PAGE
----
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Publication numberUS2402957 A
Publication typeGrant
Publication dateJul 2, 1946
Filing dateSep 2, 1941
Priority dateSep 2, 1941
Publication numberUS 2402957 A, US 2402957A, US-A-2402957, US2402957 A, US2402957A
InventorsGeddes George A
Original AssigneeGeddes George A
Export CitationBiBTeX, EndNote, RefMan
External Links: USPTO, USPTO Assignment, Espacenet
Airplane rotary wing
US 2402957 A
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Description  (OCR text may contain errors)

July 2, 1946.

G. A. GEDDES AIRPLANE ROTARY WING Filed Sept. 2, 1941 2 Sheets-Sheet l INVENTOR Afiedded/ Bu)- m -Qmman ATTORNEY G. A. GEDDES AIRPLANE ROTARY WING Filed Sept. 2, 1941 2 Sheets-Sheet 2 INVENTOR ATTORN EY UEAHUH HUUH Patented July 2, 1946 UNITED STATES PATENT OFFICE AIRPLANE ROTARY WING George A. Geddes, Minneapolis, Minn.

Application September 2, 1941, Serial No. 409,253

3 Claims. 1

My invention relates to an improvement in airplanes, wherein it is desired to provide a novel form of airplane capable of developing power as it moves through the air.

With the usual type of plane, wings are provided for holding the plane in the air, as the propeller creates forward movement of the plane. These wings are normally stationary, except for certain small surfaces thereof which may be used in controlling the plane. Attempts have been made to substitute for these wings, rotary blades which permit a more rapid vertical movement of the plane with respect to the forward movement thereof. With such constructions, planes have been able to take 011" and land almost vertically to permit maneuvering of the plane on a small landing area.

The present invention is not designed to accomplish the same result as these former constructions of planes which have been successfully produced. It is the object of the present invention to provide rotary wings which act to support the plane in its flight through the air and which are equipped with vanes to cause rotation of the wings during flight. The rotation of the wings does not hinder the supporting of the plane by the wings, but I have found that this rotation may be used to generate power which can either be used to run various appliances on the plane or to supply at least a portion of the power necessary to operate the plane.

While my invention is not limited to sue structure, the construction lends itself particularly well to the operating of a plane by electrical power. It has been proposed to generate electrical power by any suitable means, such as by an internal combustion engine and to use this electrical power for operating the airplane propeller. The current generating means may operate through a system of batteries which will permit quiet operation of the plane when it is so desired. While the present construction would not detract from the noise of the rotating propeller, it would on occasion permit the plane to operate with the current generating motor turned off, thus rendering the plane operation very quiet.

A feature of my invention lies in the provision of one or more rotary wings upon the plane, which rotate due to wind pressure as the plane moves through the air, thus operating some desired mechanism such as electrical current generators. The wings are designed to extend substantially horizontal or downwardly inclined to some extent at the rear edge so as to assist in supporting the airplane. On the surface of the 2 rotary wings a series of vanes are provided which cause rotation of the wings in one direction. Thus as the plane moves through the air the vanes cause a tendency for the wings to rotate in one direction. The wings are connected by any suitable connecting means and the power therefrom may be utilized.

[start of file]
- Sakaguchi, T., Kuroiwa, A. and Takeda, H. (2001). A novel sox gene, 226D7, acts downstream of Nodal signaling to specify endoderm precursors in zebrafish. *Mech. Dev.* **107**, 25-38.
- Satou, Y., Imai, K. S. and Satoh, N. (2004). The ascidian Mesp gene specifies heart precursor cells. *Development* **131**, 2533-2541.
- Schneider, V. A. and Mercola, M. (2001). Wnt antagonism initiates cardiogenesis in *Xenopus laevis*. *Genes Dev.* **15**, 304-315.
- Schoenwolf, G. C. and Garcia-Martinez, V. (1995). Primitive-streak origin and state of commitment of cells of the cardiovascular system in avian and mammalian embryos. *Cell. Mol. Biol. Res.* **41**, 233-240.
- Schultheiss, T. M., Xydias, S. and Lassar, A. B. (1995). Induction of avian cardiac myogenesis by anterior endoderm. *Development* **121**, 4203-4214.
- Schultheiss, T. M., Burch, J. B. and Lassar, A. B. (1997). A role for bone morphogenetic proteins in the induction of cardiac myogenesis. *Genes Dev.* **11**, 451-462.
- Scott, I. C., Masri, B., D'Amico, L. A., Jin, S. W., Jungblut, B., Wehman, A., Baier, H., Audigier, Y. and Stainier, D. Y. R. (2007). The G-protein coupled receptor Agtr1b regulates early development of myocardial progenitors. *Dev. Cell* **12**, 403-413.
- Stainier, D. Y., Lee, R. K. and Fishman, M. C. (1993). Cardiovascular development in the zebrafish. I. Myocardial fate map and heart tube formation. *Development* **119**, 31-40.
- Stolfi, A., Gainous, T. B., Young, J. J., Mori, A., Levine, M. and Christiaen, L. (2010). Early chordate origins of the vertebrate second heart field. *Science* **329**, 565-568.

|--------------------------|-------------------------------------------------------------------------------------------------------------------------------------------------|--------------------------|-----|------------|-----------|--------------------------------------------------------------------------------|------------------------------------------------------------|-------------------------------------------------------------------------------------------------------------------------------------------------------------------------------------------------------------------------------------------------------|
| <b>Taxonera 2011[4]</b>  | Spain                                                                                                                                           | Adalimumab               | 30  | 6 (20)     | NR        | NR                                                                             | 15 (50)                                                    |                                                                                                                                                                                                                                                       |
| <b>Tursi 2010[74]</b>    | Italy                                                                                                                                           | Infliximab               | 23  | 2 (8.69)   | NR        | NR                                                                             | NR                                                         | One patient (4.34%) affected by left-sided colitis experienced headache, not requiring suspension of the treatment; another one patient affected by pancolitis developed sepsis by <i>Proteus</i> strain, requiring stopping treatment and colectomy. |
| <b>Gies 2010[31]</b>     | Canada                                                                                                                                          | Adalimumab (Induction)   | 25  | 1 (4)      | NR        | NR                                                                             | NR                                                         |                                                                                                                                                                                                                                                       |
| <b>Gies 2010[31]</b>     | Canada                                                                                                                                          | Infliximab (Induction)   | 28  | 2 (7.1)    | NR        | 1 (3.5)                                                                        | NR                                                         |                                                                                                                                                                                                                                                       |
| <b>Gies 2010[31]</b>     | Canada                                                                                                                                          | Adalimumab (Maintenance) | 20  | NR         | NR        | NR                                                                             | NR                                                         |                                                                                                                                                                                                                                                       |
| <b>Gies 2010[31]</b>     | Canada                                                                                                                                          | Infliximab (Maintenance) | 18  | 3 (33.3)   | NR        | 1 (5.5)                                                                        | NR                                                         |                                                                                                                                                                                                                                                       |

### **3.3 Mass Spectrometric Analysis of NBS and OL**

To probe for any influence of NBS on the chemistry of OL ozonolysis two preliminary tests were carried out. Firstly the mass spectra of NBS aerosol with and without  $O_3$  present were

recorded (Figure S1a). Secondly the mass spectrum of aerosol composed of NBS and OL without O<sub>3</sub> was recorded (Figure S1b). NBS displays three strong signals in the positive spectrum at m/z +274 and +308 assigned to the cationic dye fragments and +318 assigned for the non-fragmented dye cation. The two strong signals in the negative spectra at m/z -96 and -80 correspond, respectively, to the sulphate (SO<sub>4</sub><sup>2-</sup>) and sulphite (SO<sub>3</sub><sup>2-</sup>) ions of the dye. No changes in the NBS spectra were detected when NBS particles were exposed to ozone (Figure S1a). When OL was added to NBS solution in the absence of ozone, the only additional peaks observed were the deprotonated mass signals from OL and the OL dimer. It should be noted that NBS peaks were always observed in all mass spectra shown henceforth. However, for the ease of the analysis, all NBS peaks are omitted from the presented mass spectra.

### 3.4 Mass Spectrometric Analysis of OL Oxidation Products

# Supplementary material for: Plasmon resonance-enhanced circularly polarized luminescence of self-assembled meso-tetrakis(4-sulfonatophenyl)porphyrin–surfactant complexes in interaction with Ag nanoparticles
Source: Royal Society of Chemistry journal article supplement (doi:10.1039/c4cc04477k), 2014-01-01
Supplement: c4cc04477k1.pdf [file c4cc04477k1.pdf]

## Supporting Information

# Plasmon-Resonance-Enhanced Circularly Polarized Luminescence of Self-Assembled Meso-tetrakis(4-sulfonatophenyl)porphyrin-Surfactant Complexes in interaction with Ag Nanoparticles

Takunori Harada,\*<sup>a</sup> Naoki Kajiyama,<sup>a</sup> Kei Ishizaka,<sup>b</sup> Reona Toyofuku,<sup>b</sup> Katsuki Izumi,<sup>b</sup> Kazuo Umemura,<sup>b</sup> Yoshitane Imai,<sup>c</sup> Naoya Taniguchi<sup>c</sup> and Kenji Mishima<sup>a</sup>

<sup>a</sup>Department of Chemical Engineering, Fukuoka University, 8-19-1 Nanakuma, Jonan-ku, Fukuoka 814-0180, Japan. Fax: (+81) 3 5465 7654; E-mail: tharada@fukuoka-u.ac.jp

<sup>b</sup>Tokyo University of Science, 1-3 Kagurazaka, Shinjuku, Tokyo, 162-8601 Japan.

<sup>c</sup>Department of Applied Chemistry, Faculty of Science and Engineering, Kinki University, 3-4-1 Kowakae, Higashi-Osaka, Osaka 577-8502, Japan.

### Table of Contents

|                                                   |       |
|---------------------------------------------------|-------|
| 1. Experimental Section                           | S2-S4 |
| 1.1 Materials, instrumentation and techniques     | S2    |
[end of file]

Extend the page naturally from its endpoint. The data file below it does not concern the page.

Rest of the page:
It is an important feature of the present invention that less power is required to operate the plane than with other constructions with which I am familiar. Rotation of the wings is caused by movement of the plane through the air and this rotation does not hinder the movement of the plane through the air. A power is thus developed during movement of the plane. or while the plane remains stationary when the wind is blowing and this power may be used to assist in the operation of the plane.

A further feature of my invention resides in the provision of supporting means for supporting the wings so that they may rotate freely. This supporting means may be formed in the shape usual to an airplane wing so that the supports themselves may assist in keeping the plane aloft,

These and other objects and novel features of my invention will be more clearly and fully set forth in the following specification and claims.

In the drawings forming a part of my specification:

Figure 1 is a, perspective view of my airplane in operation.

Figure 2 is a perspective view of my airplane showing a portion of the bottom of the same.

Figure 3 is a top plan view of one of the rotary wings of my airplane.

Figure 4 is a diagrammatic cross-sectional view through one of the rotary wings, illustrating the construction thereof.

Figure 5 is a sectional view through a portion of a wing and one of the rotary vanes mounted thereupon.

The airplane A includes a fuselage I0 from the opposite sides of which extend wings I I. The wings II are preferably shorter than the wings ordinarily used to support a fuselage of the size illustrated. A glass enclosed pilot's compartment I2 is formed between thev wings II, and the propeller I3 is shown mounted upon the propeller hub H which is rotated by the airplane motor 15 illustrated in Figure 2.

A tai1 assembly it of any preferred or desired shape is shown secured to the rear end of the fuselage I0 for controlling and operating the plane. Substantially vertical pivots H are pro- 3 vided with a bearing 19 near the ends of the wings II to support the rotary wings 20 forming a part of the present invention.